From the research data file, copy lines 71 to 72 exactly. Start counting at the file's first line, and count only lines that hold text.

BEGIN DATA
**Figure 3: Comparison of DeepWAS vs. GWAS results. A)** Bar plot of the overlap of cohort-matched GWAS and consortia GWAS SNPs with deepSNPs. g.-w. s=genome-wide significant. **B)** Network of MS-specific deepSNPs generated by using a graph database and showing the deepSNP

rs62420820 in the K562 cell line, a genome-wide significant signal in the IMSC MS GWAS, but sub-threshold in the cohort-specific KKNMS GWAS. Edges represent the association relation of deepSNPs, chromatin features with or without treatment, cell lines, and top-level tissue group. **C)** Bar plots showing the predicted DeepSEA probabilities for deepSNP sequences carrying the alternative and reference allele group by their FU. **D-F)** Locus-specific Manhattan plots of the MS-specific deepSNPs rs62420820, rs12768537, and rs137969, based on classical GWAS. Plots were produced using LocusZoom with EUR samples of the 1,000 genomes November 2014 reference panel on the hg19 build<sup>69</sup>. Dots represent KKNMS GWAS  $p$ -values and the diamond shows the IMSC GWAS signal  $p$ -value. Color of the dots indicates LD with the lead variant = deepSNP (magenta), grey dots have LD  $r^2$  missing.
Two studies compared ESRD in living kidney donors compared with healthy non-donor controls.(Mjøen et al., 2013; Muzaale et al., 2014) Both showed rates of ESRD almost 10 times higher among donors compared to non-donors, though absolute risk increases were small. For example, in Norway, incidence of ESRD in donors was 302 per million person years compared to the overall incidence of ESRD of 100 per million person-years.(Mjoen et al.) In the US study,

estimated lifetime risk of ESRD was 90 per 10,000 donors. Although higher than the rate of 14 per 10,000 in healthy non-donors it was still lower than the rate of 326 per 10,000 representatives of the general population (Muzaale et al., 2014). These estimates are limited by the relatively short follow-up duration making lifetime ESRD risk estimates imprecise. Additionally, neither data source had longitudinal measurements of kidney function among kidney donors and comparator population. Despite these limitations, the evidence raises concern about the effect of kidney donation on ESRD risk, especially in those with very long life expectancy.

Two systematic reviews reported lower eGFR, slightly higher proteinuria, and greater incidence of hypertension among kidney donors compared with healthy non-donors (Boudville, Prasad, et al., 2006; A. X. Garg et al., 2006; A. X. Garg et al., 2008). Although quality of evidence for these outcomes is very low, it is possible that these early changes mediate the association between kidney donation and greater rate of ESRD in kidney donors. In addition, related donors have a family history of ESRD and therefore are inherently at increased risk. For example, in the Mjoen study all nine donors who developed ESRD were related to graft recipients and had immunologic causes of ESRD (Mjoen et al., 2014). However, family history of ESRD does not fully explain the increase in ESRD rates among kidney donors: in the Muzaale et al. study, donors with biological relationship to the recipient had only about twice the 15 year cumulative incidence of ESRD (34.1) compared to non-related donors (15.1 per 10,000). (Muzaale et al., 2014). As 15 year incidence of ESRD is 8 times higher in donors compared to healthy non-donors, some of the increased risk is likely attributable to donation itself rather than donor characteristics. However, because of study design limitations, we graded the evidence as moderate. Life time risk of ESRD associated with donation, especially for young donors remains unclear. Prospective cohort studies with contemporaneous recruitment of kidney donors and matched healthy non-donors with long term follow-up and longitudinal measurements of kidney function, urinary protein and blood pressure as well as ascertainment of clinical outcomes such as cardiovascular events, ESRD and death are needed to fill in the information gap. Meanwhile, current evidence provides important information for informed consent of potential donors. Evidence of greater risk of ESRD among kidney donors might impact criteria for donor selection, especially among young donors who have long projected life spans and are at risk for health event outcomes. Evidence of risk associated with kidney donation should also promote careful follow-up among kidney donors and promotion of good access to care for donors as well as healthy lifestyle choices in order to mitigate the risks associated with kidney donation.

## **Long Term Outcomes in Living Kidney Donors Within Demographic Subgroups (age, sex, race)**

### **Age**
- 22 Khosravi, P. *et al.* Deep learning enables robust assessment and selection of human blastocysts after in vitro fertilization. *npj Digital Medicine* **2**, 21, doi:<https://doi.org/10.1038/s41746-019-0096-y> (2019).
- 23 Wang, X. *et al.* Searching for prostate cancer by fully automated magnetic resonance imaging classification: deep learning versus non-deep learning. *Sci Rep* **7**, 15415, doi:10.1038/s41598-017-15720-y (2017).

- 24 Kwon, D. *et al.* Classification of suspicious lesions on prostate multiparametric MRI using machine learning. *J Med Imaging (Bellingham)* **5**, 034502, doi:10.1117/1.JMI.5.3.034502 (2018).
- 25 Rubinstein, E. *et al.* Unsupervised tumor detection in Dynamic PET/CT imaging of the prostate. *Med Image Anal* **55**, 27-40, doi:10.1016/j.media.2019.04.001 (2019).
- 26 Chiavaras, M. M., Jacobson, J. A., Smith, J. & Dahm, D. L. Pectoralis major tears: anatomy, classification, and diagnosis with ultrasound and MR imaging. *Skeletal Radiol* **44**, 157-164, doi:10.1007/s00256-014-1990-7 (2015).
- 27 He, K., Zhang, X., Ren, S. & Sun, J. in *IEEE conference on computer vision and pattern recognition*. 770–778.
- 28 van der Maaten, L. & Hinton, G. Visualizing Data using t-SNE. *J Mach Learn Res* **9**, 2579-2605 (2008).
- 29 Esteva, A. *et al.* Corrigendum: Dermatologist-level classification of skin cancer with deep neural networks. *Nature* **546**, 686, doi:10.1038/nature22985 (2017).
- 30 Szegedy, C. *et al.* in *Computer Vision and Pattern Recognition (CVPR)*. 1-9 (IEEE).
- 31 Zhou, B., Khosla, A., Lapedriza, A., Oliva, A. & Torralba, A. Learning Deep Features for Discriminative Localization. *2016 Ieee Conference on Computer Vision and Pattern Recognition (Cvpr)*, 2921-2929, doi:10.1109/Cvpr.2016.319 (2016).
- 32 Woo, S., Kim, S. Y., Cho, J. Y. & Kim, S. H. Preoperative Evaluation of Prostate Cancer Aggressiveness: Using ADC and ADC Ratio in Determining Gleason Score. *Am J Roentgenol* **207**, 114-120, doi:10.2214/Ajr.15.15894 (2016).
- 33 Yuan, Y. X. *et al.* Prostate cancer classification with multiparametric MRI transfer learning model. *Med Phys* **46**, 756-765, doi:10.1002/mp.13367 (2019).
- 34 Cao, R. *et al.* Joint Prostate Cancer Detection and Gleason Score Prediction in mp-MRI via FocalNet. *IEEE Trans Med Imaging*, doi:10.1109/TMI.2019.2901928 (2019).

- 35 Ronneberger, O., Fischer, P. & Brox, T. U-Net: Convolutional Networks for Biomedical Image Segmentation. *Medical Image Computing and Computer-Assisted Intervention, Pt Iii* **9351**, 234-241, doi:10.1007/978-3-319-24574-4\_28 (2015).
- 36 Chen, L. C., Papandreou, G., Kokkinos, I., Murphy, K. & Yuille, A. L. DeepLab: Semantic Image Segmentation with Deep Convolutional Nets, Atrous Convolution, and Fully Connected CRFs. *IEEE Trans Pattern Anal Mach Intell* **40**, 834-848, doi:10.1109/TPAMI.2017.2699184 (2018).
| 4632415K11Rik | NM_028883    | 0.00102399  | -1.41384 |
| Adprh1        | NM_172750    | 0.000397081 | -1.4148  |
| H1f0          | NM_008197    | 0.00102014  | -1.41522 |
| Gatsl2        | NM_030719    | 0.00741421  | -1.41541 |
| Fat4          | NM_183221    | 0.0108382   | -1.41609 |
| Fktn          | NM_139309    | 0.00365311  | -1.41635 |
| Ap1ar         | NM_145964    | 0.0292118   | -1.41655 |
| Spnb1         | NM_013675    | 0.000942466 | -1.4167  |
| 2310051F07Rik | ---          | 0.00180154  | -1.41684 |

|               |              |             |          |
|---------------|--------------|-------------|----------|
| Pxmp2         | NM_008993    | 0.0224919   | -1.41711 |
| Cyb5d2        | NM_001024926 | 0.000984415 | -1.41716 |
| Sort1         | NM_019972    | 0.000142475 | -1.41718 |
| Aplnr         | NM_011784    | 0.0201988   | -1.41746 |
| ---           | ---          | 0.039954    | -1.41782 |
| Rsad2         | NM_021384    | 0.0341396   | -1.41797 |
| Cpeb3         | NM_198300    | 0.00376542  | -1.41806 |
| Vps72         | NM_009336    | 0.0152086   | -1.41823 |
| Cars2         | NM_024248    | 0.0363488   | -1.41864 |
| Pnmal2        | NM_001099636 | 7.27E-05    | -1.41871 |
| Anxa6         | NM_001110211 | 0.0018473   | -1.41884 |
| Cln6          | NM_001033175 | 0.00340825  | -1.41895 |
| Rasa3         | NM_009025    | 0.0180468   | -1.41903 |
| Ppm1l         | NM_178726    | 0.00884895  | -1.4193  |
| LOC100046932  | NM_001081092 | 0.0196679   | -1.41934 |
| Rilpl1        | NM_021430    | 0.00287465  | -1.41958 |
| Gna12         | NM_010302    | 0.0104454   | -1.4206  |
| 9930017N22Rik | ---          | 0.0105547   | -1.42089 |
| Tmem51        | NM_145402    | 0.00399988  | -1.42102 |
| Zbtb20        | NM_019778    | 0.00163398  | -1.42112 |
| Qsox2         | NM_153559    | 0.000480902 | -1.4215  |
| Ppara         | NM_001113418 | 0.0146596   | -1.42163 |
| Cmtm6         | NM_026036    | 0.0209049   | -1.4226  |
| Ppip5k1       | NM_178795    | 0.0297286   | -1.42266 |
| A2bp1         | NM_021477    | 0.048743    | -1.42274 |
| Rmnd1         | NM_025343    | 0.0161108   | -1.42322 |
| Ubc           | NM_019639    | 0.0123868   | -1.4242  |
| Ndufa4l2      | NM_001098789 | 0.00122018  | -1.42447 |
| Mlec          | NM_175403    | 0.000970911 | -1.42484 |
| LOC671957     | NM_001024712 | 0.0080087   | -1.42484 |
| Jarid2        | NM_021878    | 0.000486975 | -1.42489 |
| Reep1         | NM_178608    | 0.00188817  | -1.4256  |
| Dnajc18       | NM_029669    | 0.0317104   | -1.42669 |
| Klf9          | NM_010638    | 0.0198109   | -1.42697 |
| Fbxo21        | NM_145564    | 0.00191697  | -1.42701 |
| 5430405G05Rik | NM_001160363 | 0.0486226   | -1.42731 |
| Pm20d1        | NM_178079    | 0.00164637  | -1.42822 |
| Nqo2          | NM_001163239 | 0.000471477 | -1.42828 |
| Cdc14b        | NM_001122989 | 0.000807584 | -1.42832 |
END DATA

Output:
| Nqo2          | NM_001163239 | 0.000471477 | -1.42828 |
| Cdc14b        | NM_001122989 | 0.000807584 | -1.42832 |